Italian interior minister Matteo Salvini has suggested there could have been “more people inside [the club] than was permissible”, and Ancona chief prosecutor Monica Garulli told reporters at the scene that about 1,400 tickets had been sold for the show, against a capacity of 870. Ancona’s prime minister, Giuseppe Conte, who visited the scene of the tragedy, later said that while Lanterna Azzurra had three rooms, it chose to only use one, which has a capacity of 469.

However, Marco Cecchini, one of the three managers of the venue, disputes the authorities’ version of events. Speaking to QN, he says: “There were not 1,400 people, as everyone is saying. Absolutely. In my opinion, there were no more than a thousand – even taking into account those who were outside smoking, inside there were little more than 800. It is a club that has contained a lot more people.”

In a statement, Italian concert promoters’ association Assomusica says the deaths have left the country “speechless”.

“[How can it be] possible for a moment of joy and socialising to turn into sadness and the loss of young lives?” asked the association. “Assomusica and all its members share the pain […] of the families involved in this tragedy.”

“How is it possible that a moment of joy and socialising could turn into sadness and the loss of young lives?”

It adds that it invites “all our members and artists, from today, to pause for a moment of reflection at the beginning of each show” to remember the victims.

Federico Rasetti, director of venues association KeepOn Live, says it is important what happened in Corinaldo, at an allegedly overcrowded show, is not conflated with the country’s live music scene as a whole, which is professional and organised.

“This entire sector, again, is likely to be misunderstood,” says Rasetti. “Live club shows and festivals are generally well organised, and specialised in producing events […], and just as often these tragedies occur in places where there is no live music.”

He further notes that Lanterna Azzurra is not a dedicated music venue, adding: “We need clarity, to ensure that public opinion and politics do not confuse a live music venue with a pub or a disco.”

Investigations into the tragedy are still ongoing. At press time, two more men had been arrested in connection with the stampede, and police are considering the possibility that the substance was sprayed as cover for robbing club-goers.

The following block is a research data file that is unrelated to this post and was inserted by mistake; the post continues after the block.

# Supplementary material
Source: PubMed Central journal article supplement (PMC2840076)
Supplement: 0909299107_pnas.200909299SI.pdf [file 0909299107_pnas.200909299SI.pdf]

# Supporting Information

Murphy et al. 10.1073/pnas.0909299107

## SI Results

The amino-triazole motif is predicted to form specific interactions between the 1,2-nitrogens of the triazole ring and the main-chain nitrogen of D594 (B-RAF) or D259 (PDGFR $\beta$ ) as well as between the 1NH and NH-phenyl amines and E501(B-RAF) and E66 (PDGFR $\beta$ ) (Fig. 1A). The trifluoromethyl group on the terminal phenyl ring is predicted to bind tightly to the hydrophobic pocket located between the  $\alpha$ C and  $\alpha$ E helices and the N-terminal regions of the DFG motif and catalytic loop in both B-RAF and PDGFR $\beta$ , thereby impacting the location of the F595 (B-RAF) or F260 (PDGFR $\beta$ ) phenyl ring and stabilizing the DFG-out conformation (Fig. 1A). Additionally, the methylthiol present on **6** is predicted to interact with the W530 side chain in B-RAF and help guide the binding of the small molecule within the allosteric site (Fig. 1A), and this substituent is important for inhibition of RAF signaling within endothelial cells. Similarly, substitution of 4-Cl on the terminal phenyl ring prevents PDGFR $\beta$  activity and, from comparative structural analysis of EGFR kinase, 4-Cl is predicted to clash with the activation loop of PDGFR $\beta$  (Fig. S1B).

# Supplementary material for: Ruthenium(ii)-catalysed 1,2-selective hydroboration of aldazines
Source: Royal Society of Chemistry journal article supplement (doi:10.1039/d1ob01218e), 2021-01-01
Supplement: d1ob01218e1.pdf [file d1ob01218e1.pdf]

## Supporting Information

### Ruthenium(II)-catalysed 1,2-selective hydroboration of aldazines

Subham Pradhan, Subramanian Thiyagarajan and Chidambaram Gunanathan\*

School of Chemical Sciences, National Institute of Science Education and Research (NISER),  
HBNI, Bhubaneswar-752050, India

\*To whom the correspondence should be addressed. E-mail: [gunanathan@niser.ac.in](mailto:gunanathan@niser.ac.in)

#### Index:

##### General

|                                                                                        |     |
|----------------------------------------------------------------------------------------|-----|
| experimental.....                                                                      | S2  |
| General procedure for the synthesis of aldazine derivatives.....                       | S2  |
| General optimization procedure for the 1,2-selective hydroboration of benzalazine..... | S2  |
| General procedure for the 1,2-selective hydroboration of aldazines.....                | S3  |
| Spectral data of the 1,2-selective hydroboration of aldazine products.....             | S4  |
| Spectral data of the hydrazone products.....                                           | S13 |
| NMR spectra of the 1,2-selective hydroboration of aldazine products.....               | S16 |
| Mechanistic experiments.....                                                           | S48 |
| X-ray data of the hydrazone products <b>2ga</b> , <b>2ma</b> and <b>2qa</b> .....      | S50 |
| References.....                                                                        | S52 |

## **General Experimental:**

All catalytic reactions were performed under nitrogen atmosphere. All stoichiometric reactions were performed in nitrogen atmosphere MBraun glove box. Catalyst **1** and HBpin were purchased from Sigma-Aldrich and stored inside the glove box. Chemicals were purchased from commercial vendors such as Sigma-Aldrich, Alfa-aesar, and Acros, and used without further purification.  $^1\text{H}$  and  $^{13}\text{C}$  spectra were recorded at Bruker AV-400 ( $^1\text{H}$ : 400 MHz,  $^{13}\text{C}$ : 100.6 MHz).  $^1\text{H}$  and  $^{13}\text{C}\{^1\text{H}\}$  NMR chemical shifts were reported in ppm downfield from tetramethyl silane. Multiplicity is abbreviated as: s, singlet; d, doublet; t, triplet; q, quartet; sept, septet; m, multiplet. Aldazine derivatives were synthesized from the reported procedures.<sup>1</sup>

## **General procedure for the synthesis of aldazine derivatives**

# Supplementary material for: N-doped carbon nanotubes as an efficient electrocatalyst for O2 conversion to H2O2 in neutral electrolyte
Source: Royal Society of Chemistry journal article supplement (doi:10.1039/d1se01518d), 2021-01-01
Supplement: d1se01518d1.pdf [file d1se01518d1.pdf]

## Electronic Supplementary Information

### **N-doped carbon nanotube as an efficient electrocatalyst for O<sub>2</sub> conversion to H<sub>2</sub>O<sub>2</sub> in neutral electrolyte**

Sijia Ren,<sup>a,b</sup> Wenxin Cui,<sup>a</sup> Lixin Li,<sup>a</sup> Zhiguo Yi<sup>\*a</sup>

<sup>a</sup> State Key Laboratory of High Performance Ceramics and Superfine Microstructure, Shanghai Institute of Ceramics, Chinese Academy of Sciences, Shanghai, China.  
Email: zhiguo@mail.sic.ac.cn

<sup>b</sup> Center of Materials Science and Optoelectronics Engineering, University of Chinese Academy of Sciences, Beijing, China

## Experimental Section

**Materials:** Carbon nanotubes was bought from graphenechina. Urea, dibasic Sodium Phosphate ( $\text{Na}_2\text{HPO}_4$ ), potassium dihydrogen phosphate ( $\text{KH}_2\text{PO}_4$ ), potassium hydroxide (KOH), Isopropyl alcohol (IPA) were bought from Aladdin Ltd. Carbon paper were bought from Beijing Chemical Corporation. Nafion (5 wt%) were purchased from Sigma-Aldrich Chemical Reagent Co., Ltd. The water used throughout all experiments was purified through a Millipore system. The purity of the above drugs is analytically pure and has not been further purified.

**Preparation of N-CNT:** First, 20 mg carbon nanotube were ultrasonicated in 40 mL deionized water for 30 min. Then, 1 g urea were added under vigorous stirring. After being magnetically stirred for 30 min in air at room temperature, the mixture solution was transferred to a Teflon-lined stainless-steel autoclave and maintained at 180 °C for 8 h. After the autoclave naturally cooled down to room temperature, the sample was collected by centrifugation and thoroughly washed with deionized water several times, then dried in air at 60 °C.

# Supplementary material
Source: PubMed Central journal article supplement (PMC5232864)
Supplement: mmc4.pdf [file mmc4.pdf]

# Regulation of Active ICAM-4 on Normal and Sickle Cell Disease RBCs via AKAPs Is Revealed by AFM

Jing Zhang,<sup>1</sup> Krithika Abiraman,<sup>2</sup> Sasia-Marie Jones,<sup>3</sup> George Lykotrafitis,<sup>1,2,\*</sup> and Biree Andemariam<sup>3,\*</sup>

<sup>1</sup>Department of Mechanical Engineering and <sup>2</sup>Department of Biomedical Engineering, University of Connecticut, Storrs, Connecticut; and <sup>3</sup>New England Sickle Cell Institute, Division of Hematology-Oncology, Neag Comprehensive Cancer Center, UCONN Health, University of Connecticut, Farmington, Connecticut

Get more stories like this in your inbox by signing up for IQ Index, IQ’s free email digest of essential live music industry news.

‘No evidence’ of failings in Falls crush, finds Vic govt

WorkSafe Victoria, an agency of the state government of Victoria, Australia, has dropped its investigation into the organisers of Falls Festival, finding there is “insufficient evidence” to pursue a prosecution over the crowd crush last December.

The incident, which left 76 people injured (initially reported as 80), 19 of them seriously, occurred after a performance by DMA’s on Friday 30 December when large crowds attempted to exit the Grand Theatre in Lorne through a small exit, recently narrowed further by the construction of a new bar.

In an interview with The Guardian in January, victim Tim Hunt described the stampede as being “like a riptide”, speaking of his horror at people’s screams and “bones snapping from [the] pressure”. Festival co-producer Jessica Ducrou said the festival was “completely devastated” by the incident and promised to launched its own investigation into the causes.

In addition to a private class-action lawsuit on behalf of injured festivalgoers, organiser Ash Sounds – a division of promoter Secret Sounds – faced an inquiry by WorkSafe Victoria, which was investigating possible offences under the Occupational Health and Safety (OHS) Act.

“All the conditions … such as crowd control, crowd size, and positioning and size of exits, had been met

Announcing the results of the investigation yesterday, WorkSafe says it has determined there is “insufficient evidence” to pursue a prosecution, finding that “all the conditions imposed by various bodies in relation to the event, such as crowd control, crowd size, and positioning and size of exits, had been met” by Ash Sounds.

WorkSafe visited the festival site shortly after the incident and requested changes to its lay-out to prevent future crowd surges, reports the Sydney Morning Herald.

“As a result, WorkSafe found there was insufficient evidence to establish any offence under the 2004 OHS Act and no further action will be taken,” concludes WorkSafe’s statement.

The class-action suit, meanwhile, which seeks unspecified damages from Secret Sounds, is still ongoing.

Live Nation acquired a 51% stake in Secret Sounds last December.


Get more stories like this in your inbox by signing up for IQ Index, IQ’s free email digest of essential live music industry news.